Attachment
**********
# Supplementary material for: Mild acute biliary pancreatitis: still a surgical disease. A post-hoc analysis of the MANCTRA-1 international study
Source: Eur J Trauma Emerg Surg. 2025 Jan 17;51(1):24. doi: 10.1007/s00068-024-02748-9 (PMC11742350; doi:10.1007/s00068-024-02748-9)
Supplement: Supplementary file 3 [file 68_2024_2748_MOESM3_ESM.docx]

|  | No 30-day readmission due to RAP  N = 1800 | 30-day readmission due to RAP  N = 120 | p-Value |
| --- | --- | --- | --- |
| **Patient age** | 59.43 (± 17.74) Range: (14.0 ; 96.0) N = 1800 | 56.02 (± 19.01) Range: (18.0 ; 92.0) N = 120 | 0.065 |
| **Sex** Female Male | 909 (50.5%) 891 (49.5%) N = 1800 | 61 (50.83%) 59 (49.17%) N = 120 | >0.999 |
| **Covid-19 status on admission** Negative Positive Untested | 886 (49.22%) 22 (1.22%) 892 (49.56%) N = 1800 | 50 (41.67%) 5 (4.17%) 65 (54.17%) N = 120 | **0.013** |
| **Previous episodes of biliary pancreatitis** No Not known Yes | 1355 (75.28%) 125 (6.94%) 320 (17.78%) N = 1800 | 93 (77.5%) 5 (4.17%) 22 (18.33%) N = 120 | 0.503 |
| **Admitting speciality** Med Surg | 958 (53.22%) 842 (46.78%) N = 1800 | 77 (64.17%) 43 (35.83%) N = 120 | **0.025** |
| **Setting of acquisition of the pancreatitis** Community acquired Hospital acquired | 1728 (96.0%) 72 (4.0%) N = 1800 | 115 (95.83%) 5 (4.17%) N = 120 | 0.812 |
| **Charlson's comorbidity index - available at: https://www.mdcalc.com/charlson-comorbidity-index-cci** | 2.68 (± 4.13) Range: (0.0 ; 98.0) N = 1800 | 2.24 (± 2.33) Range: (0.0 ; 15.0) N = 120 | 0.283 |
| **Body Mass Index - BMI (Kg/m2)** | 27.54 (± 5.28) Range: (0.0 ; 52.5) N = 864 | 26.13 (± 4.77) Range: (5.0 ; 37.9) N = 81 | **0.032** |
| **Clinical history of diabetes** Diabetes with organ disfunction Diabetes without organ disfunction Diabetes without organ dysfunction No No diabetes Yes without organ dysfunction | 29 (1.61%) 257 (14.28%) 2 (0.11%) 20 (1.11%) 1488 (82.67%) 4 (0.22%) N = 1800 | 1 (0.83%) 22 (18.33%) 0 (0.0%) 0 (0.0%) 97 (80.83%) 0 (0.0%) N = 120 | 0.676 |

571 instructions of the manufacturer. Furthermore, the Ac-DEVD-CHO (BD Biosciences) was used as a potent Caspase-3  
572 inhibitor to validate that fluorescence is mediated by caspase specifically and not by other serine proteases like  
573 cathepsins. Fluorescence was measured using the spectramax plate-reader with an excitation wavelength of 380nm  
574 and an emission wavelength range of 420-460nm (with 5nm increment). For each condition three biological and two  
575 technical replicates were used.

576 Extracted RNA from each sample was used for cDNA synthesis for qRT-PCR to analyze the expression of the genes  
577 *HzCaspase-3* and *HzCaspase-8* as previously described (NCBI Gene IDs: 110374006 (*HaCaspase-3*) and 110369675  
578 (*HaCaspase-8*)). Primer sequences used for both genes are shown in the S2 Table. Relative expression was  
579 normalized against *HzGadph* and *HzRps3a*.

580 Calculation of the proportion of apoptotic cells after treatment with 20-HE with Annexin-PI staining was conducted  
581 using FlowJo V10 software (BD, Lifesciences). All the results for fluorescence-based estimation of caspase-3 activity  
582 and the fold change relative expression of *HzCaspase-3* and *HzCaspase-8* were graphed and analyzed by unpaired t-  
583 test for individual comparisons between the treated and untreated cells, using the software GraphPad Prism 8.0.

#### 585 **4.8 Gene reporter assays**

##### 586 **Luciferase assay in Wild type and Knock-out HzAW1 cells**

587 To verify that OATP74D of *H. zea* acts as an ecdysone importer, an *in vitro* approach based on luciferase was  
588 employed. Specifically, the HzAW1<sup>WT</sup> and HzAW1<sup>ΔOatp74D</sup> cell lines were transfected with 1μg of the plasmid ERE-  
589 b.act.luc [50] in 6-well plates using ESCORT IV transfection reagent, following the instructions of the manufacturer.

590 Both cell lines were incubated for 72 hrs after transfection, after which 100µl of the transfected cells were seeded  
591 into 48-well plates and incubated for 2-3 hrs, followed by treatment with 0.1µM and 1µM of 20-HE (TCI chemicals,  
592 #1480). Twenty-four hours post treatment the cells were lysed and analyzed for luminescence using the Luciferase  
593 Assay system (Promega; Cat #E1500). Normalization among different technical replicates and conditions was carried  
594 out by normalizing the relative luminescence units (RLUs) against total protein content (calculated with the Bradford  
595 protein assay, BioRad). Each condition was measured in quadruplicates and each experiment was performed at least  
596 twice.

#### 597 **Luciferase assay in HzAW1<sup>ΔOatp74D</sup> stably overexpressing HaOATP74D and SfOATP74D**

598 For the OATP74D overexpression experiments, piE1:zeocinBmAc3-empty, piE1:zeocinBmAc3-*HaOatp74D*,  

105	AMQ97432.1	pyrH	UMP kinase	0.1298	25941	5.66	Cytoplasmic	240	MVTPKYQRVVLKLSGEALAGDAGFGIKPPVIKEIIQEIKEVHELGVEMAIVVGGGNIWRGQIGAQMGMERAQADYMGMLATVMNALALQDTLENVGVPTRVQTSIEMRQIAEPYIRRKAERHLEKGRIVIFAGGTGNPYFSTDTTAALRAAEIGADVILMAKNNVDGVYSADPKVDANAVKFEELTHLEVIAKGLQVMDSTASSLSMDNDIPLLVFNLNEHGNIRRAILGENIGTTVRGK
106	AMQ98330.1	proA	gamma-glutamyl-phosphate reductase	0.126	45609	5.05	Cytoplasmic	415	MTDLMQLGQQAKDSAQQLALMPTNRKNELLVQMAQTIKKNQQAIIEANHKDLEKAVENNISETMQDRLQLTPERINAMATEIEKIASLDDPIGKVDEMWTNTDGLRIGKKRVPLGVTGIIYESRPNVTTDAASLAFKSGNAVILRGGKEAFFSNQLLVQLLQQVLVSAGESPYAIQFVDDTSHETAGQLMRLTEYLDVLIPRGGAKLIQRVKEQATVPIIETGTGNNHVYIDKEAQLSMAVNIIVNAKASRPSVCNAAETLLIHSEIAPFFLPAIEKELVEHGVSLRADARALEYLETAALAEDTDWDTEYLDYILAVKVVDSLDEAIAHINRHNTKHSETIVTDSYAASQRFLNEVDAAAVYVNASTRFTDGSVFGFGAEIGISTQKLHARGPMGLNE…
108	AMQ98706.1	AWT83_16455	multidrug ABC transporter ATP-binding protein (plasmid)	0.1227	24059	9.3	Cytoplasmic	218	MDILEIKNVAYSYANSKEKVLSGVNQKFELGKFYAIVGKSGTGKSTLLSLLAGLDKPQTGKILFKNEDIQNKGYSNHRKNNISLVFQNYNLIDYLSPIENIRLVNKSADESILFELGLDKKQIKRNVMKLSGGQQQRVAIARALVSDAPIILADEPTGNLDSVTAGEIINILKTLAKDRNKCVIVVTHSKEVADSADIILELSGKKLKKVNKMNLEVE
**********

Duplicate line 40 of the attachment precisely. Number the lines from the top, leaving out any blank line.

#### 597 **Luciferase assay in HzAW1<sup>ΔOatp74D</sup> stably overexpressing HaOATP74D and SfOATP74D**